Week 3 is over! Well, it went for a couple of weeks, and is no longer active. But it was the third challenge!
This time we went looking into the PST file format, as well as identifying manipulated emails. I found this one a little bit easier than Week 4, which is currently giving me grief
You have received an email production in Personal Storage Table (PST) format.
You suspect that one of the produced emails has been manipulated. What is the 24-byte entry ID (i.e., PR_ENTRYID) of the manipulated email in hexadecimal form?
I looked in SysTools PST Viewer for this one, but it only had columns for sent and received. Outlook wasn’t much better, but I could look at some interesting things with OutlookSpy. Not knowing exactly what I was looking for I decided to move to another tool.
Since I have access to X-Ways I opened the PST in that. One entry didn’t have a modified time, which is interesting. That clearly stood out, but I don’t know enough about the PST file format to understand what could be the reason.
After finding the email, I went over to OutlookSpy and pulled out the PR_ENTRY_ID. I entered the answer incorrectly at first because I got the interpreted value and for some reason decided one of the fields, muid, was the right one. This is despite the question asking for a 24 byte value, and the muid was 16 bytes.
Double clicking on the PR_ENTRY_ID shows the answer.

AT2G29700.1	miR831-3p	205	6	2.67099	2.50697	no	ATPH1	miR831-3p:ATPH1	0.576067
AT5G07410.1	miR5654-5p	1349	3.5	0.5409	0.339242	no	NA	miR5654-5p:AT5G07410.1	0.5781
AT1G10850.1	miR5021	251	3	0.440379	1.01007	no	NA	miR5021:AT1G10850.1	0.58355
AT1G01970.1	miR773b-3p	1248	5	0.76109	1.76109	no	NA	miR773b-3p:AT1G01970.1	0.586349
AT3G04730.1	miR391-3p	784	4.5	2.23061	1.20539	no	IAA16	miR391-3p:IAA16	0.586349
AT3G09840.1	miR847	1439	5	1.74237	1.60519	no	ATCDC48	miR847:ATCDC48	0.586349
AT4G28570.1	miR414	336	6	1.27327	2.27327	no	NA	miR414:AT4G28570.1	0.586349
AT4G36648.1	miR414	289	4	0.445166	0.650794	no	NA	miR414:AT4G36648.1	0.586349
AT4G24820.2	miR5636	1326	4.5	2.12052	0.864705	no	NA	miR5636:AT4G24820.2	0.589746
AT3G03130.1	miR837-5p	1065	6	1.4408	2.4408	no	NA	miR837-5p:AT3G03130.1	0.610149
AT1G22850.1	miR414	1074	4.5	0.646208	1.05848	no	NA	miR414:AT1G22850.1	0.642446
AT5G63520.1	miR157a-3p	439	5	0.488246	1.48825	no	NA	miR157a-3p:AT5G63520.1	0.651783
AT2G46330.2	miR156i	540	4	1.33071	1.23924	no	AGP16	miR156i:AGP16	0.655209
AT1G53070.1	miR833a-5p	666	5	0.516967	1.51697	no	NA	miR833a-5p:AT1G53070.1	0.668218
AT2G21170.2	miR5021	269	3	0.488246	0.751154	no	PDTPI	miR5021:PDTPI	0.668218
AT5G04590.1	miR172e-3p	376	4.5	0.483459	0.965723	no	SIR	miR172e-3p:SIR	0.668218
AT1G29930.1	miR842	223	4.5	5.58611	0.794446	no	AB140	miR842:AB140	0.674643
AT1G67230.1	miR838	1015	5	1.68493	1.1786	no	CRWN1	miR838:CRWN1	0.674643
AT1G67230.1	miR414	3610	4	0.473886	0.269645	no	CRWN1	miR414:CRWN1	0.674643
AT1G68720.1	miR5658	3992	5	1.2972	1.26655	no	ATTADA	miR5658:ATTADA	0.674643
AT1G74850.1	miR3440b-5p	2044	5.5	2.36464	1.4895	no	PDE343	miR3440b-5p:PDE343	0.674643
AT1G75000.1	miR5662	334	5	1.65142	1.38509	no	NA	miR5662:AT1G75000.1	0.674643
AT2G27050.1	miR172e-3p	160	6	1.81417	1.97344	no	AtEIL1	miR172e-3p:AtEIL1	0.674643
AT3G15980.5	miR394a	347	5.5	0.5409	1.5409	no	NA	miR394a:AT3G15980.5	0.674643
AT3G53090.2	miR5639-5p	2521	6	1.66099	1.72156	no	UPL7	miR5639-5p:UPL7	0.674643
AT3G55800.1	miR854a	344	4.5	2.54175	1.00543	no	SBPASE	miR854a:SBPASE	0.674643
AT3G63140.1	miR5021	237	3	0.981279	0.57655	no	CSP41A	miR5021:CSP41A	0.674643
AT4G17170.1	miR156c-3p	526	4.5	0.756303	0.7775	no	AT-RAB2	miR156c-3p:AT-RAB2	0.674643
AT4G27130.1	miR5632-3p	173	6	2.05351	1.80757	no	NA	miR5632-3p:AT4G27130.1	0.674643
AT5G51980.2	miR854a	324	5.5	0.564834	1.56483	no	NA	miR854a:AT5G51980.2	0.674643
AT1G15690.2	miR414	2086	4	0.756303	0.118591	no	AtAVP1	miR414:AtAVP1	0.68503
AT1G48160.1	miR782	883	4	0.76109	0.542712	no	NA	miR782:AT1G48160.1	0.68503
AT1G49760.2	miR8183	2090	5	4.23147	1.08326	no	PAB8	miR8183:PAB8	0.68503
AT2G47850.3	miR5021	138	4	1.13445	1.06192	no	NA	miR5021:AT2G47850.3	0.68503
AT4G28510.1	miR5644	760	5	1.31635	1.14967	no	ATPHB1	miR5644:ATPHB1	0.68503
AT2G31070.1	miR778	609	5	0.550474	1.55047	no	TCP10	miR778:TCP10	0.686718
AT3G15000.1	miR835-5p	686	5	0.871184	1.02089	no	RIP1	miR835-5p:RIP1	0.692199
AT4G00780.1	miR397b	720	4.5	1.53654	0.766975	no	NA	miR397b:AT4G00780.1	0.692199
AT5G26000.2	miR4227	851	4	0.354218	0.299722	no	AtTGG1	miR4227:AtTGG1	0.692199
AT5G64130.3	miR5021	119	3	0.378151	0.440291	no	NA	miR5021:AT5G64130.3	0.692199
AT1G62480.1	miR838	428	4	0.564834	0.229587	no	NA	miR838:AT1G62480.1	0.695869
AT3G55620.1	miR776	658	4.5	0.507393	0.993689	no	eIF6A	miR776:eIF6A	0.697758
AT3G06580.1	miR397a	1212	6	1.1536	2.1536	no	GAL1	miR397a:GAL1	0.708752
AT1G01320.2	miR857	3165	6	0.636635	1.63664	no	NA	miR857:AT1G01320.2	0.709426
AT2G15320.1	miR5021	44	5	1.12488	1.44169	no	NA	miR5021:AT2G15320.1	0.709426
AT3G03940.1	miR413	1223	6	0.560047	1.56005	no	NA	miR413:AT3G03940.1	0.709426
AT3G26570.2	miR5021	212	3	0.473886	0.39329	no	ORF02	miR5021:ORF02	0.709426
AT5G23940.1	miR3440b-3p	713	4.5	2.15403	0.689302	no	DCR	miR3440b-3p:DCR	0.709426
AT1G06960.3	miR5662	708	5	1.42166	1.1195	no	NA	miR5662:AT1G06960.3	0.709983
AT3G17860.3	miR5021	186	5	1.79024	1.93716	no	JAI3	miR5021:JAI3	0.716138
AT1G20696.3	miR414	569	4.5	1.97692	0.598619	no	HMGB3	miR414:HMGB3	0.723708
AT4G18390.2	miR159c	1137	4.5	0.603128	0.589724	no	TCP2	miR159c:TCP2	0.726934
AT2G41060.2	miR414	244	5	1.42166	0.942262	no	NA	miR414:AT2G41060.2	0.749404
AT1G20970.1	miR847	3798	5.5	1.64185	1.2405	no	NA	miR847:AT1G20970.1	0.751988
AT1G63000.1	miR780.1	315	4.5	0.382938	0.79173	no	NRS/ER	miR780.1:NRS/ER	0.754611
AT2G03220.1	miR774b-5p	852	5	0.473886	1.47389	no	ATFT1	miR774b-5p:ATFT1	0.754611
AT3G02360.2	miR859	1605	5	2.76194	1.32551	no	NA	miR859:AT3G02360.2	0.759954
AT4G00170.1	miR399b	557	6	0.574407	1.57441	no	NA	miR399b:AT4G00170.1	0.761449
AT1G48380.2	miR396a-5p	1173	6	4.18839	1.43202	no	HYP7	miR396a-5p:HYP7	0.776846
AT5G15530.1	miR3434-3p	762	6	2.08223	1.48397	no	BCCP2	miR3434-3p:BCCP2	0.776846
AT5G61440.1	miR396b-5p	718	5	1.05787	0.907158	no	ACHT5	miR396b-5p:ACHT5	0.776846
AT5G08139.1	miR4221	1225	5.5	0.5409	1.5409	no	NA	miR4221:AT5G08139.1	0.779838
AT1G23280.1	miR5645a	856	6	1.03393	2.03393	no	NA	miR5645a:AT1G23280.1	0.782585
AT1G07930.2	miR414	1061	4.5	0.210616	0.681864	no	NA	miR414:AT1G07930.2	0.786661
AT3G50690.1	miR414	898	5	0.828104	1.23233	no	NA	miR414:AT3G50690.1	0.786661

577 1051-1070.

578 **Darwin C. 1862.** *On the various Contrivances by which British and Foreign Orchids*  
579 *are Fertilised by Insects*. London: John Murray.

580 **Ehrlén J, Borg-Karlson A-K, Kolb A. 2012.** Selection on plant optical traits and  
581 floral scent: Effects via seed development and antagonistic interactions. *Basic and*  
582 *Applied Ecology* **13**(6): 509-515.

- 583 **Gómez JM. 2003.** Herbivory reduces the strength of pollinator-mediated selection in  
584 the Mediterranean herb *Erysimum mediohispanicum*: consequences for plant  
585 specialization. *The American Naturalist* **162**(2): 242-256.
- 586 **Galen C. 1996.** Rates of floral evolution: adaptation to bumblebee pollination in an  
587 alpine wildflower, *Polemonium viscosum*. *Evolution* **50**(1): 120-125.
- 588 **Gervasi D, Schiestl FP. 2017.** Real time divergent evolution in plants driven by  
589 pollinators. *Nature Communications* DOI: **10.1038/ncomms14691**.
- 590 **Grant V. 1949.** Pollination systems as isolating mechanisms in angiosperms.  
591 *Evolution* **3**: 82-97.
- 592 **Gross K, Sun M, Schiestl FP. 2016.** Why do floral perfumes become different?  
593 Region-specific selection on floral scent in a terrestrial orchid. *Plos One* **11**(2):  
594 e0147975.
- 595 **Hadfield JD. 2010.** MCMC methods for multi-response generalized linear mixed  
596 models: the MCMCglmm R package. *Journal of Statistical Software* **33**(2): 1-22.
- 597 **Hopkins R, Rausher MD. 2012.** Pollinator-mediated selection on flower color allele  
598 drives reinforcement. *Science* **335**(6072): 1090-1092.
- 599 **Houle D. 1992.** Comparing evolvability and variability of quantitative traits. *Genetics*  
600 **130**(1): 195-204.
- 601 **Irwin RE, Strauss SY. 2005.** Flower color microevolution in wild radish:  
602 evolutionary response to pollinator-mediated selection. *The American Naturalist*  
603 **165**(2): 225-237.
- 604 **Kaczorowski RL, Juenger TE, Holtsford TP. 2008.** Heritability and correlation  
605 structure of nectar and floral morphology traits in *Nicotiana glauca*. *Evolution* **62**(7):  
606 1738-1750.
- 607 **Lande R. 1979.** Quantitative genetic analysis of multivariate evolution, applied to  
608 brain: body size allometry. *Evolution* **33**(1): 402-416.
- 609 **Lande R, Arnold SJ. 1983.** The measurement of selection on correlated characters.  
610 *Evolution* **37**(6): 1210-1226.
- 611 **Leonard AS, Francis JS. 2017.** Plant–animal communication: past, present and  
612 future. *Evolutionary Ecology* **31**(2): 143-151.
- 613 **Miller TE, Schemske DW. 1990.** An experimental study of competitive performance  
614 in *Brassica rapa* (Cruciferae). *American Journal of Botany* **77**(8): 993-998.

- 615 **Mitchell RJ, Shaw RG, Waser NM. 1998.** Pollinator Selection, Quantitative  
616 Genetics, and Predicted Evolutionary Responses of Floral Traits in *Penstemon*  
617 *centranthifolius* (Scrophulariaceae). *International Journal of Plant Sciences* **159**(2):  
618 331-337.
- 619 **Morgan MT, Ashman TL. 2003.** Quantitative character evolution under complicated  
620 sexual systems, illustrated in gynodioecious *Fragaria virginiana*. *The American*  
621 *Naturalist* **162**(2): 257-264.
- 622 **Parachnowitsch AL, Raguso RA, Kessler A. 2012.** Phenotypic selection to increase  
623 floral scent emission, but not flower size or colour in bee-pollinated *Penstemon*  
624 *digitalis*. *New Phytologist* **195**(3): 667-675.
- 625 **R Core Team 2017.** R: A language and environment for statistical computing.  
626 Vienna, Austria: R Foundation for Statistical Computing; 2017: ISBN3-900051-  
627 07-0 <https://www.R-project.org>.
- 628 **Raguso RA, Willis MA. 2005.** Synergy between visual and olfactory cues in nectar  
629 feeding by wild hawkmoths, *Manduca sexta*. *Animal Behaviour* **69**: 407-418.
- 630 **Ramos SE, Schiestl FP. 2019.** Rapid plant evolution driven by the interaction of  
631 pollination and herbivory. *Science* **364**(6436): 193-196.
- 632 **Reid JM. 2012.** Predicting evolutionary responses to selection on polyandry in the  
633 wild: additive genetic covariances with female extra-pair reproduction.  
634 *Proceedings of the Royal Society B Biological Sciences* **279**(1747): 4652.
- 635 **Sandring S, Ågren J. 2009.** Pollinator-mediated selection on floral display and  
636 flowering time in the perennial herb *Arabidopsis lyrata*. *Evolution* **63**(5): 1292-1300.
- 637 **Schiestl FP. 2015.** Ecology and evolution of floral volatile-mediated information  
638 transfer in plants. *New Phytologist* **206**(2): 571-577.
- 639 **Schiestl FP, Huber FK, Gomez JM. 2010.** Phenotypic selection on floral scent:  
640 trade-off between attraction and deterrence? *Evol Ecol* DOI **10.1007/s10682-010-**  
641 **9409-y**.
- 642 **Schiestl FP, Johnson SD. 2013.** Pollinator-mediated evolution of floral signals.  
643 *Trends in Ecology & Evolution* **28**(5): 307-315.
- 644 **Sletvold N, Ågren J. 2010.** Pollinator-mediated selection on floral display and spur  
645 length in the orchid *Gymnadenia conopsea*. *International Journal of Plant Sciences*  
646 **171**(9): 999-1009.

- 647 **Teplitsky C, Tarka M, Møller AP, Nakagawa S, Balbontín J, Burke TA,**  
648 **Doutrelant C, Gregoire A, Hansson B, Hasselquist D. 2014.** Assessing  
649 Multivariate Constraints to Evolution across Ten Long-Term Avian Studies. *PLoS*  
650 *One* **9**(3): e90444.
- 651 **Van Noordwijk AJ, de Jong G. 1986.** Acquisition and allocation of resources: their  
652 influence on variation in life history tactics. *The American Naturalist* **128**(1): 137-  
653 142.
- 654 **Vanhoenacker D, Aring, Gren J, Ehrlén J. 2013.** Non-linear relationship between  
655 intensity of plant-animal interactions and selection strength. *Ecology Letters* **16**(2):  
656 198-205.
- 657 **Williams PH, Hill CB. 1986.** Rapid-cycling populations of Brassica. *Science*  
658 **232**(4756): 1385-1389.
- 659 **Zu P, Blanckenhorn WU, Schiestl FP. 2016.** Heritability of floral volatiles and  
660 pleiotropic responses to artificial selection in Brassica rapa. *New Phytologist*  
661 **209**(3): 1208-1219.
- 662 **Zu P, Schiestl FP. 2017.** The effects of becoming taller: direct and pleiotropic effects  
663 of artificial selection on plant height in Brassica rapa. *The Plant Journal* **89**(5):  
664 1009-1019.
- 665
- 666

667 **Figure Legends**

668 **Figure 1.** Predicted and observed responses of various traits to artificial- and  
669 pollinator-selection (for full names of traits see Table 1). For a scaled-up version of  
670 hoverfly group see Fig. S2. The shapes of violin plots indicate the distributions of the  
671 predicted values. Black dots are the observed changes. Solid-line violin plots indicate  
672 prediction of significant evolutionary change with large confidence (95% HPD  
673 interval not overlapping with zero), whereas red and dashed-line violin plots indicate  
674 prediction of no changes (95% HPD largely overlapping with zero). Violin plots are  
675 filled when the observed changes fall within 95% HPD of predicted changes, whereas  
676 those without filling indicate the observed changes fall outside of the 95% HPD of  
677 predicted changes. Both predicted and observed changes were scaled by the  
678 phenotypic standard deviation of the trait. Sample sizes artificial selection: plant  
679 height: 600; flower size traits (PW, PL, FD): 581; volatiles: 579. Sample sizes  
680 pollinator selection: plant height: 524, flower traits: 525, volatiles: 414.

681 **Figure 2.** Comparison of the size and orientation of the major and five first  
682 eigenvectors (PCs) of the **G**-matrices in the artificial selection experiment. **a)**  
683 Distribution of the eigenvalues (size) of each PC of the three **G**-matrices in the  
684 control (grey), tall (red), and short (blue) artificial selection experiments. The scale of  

Now, here’s a tip with CTFs that doesn’t extend to the real world – There were 10 guesses here. And at first glance, this item was the most likely candidate as being altered as it had a red flag in there – X-Ways showing me that there was no modified timestamp. I can’t say that I understand why that would happen, but my gut told me that that would be an indicator because every other entry had a created and modified time.
Not sure I would have guessed the second time without a bit more information if there weren’t a lot of chances. If there was 1-2 chances I would have taken more time. Anyways, that’s not how CTFs work, so onto question 2
Nice work! You have been informed that the manipulated email you identified in Part 1 contains a hidden message. Uncover the hidden message and enter it below.
Apparently there’s a hidden message! This may be tricky to uncover.
The content looked fine, nothing stood out as being manipulated compared to the other similar emails in the PST. I decided to export the header and take a look to see if there’s anything in there that stands out:
The beauty of Vscode is that there is an email header highlighting plugin. As we can see there’s a bunch of different headers and we may have to go way back to the lessons learned in week 1 to identify the forgery.
But, it doesn’t look like that will be required, as there’s a base64 string that’s just sitting in between two headers for some reason.
After cleaning up the spacing a little bit we get:
So we now know the secret message!
Onto week 4!